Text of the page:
You are correct in your assumptions and I will follow your lead regarding
the residuals, skew and kurtosis. If the residuals are "normally"
distributed would you suggest NOT transforming the data?
One issue that has come up regarding "eye" is that these are "fellow" eyes
from the same person (humans). Since the results are "highly" correlated at
baseline it was suggested we just pool the eyes and eliminate that variable.
Unfortunately, subjects received surgery on one eye at a time with the
possibility of several weeks between surgeries. As a result the followup
data is not as highly correlated because of different surgical outcomes for
different eyes. Hence, we are trying to decide if we should analyze each
eye separately or use a mixed model.
From: Peter Flom [mailto:flom@NDRI.ORG]
Sent: Tuesday, November 04, 2003 2:21 PM
Subject: Re: Transforming data
If I understand yoiu correctly, you have measurements of one variable
(light sensitivity) at each of 36 combinations of 4 other variables.
Light senstivity is your DV, and time, light, screen and eye are your
IVs (Please correct me if I am mistaken here).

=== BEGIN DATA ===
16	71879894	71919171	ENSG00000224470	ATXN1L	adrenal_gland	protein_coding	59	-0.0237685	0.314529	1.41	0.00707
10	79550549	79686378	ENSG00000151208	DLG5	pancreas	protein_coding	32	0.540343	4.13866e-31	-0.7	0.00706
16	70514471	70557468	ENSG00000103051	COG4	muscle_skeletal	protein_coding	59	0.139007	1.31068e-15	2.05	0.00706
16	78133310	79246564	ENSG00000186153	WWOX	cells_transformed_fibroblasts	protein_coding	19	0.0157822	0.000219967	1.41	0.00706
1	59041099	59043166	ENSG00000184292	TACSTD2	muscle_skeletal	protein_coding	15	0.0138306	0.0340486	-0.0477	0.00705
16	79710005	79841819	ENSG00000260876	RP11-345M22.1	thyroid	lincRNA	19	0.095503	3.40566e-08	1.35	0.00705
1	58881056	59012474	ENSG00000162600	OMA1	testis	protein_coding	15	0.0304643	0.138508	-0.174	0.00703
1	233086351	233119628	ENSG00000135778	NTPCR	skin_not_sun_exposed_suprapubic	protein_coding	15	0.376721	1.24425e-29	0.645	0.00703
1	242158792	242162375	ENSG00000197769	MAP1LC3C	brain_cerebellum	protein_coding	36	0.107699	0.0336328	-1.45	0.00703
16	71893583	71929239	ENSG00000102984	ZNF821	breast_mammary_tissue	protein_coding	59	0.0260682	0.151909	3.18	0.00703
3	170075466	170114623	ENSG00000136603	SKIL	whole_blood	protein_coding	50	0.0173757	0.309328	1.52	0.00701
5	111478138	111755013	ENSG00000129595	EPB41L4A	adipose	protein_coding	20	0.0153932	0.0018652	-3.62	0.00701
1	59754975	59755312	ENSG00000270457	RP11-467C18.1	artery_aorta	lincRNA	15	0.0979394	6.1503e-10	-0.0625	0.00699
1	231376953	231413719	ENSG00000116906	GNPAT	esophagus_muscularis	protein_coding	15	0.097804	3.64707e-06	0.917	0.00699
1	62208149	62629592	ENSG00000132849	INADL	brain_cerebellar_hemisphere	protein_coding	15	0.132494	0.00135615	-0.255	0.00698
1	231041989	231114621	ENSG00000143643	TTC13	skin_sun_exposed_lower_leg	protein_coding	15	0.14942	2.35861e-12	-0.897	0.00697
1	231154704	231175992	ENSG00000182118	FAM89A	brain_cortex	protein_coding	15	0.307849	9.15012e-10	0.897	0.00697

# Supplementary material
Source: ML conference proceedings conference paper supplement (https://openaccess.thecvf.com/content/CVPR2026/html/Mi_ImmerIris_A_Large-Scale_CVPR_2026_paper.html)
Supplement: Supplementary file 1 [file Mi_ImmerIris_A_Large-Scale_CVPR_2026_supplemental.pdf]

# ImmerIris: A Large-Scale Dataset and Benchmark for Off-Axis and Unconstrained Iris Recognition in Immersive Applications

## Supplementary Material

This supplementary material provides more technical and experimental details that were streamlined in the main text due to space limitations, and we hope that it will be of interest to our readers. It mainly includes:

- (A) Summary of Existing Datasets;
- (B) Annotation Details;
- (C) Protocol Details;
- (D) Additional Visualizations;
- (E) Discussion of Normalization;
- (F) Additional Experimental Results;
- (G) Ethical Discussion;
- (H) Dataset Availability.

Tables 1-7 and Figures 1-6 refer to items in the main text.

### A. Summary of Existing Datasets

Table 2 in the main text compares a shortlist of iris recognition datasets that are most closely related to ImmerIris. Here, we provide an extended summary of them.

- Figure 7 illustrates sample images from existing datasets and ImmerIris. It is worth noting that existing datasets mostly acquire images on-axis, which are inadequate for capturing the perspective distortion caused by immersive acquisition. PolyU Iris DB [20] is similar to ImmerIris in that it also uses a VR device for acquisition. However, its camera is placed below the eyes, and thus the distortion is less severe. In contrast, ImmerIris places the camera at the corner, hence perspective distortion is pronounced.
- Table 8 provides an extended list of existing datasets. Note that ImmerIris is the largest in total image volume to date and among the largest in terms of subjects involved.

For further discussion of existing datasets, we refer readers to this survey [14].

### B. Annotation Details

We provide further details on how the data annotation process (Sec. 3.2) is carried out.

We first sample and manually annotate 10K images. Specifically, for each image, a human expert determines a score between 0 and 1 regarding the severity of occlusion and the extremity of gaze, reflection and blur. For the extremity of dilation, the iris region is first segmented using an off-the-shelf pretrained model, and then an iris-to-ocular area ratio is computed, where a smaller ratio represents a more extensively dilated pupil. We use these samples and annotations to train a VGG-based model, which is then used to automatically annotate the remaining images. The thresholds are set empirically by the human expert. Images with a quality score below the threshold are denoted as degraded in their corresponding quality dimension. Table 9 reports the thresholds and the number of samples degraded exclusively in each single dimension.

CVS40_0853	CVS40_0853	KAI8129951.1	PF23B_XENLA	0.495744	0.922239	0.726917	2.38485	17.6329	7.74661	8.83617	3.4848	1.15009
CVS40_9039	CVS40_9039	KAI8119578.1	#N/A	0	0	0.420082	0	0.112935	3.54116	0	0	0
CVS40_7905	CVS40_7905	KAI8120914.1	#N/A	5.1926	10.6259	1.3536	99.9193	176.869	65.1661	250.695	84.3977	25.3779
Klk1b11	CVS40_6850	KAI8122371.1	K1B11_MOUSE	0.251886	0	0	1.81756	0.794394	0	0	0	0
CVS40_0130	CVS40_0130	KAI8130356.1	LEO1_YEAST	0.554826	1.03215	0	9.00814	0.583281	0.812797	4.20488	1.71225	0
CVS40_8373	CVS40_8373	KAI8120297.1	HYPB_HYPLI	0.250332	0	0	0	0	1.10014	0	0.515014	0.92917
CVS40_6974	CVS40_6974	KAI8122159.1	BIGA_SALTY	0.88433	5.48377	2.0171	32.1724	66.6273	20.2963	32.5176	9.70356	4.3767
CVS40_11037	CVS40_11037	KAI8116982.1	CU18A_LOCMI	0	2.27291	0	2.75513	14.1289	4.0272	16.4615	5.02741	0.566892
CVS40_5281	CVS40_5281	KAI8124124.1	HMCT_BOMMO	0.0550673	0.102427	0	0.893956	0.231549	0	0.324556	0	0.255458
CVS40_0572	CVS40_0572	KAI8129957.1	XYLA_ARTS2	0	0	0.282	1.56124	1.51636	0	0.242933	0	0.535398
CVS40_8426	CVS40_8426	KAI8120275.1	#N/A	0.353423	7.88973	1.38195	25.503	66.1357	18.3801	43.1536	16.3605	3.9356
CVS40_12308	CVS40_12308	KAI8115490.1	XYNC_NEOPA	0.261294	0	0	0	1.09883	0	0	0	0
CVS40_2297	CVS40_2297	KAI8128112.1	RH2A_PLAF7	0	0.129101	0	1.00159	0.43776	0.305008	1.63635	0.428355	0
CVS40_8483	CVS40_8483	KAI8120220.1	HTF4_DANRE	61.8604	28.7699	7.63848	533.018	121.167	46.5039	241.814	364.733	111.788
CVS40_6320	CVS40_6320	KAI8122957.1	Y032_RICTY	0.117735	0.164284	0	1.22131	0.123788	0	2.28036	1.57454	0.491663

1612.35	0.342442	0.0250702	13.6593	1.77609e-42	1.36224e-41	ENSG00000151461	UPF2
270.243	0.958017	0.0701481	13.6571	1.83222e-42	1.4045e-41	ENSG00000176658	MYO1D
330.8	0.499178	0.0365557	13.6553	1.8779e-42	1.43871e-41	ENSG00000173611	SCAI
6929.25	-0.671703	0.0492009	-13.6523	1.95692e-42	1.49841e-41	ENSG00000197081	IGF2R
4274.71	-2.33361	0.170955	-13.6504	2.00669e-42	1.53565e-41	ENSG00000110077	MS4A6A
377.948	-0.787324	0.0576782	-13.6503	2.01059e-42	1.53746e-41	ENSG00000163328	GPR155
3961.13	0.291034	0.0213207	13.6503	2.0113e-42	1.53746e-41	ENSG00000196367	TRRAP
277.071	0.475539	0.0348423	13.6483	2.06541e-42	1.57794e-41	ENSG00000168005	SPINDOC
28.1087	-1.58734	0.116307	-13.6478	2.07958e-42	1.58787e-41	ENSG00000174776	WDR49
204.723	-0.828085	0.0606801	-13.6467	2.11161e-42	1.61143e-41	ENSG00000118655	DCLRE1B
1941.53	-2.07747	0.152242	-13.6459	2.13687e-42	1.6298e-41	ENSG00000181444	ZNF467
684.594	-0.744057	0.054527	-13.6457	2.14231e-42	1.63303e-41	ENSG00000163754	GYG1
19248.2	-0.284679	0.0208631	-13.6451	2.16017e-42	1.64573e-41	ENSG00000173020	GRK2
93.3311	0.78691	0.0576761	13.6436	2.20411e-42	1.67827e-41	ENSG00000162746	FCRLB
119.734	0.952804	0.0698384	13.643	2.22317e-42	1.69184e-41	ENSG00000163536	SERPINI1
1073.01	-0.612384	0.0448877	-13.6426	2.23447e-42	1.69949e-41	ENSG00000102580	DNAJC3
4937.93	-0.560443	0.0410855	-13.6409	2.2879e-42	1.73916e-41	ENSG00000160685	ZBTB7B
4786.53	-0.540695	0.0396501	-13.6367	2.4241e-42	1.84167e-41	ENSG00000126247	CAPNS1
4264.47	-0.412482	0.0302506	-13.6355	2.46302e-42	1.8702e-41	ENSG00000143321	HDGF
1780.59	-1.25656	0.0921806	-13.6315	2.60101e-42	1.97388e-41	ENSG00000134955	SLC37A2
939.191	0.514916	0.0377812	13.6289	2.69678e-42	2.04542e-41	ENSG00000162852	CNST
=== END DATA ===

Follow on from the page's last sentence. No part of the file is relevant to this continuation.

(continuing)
In this case, you certainly cannot transform the DV in some cells and
not others. But the key question is not whether the values in each of
the 36 combinations is normally distributed, the question is whether the
residuals from your model are normally distributed.
I have found that the best way of looking at this is graphcially, but I
don't have SAS/Graph, and I usually do this in R. If you have SAS
Graph, there is doubtless a good way to make some charts.
Alternatively, you can do tests and look at the skew and kurtosis of
BTW, if 'eye' is left vs. right on the same person (or whatever sort of
creature you are examining) then I would recommend you look at a mixed
model, since this will be nested within person
Peter L. Flom, PhD
Assistant Director, Statistics and Data Analysis Core
Center for Drug Use and HIV Research
National Development and Research Institutes
71 W. 23rd St
New York, NY 10010
(212) 845-4485 (voice)
(917) 438-0894 (fax)
>>> Thompson Bill T Contr USAFSAM/FEC <Bill.Thompson@brooks.af.mil>
11/4/2003 3:09:59 PM >>>
These 36 variables are actually part of a 3x3x2x2 repeated measures
time x light x screen x eye
These variables represent "contrast sensitivity" values taken at
and then 12 months and 24 months post refractive surgery. The issue
been raised as to wether or not we should analyze the "contrast
values or the "log contrast sensitivity" values. These are continuous
The data was analyzed as a repeated measures design described above
the "raw" contrast sensitivity data.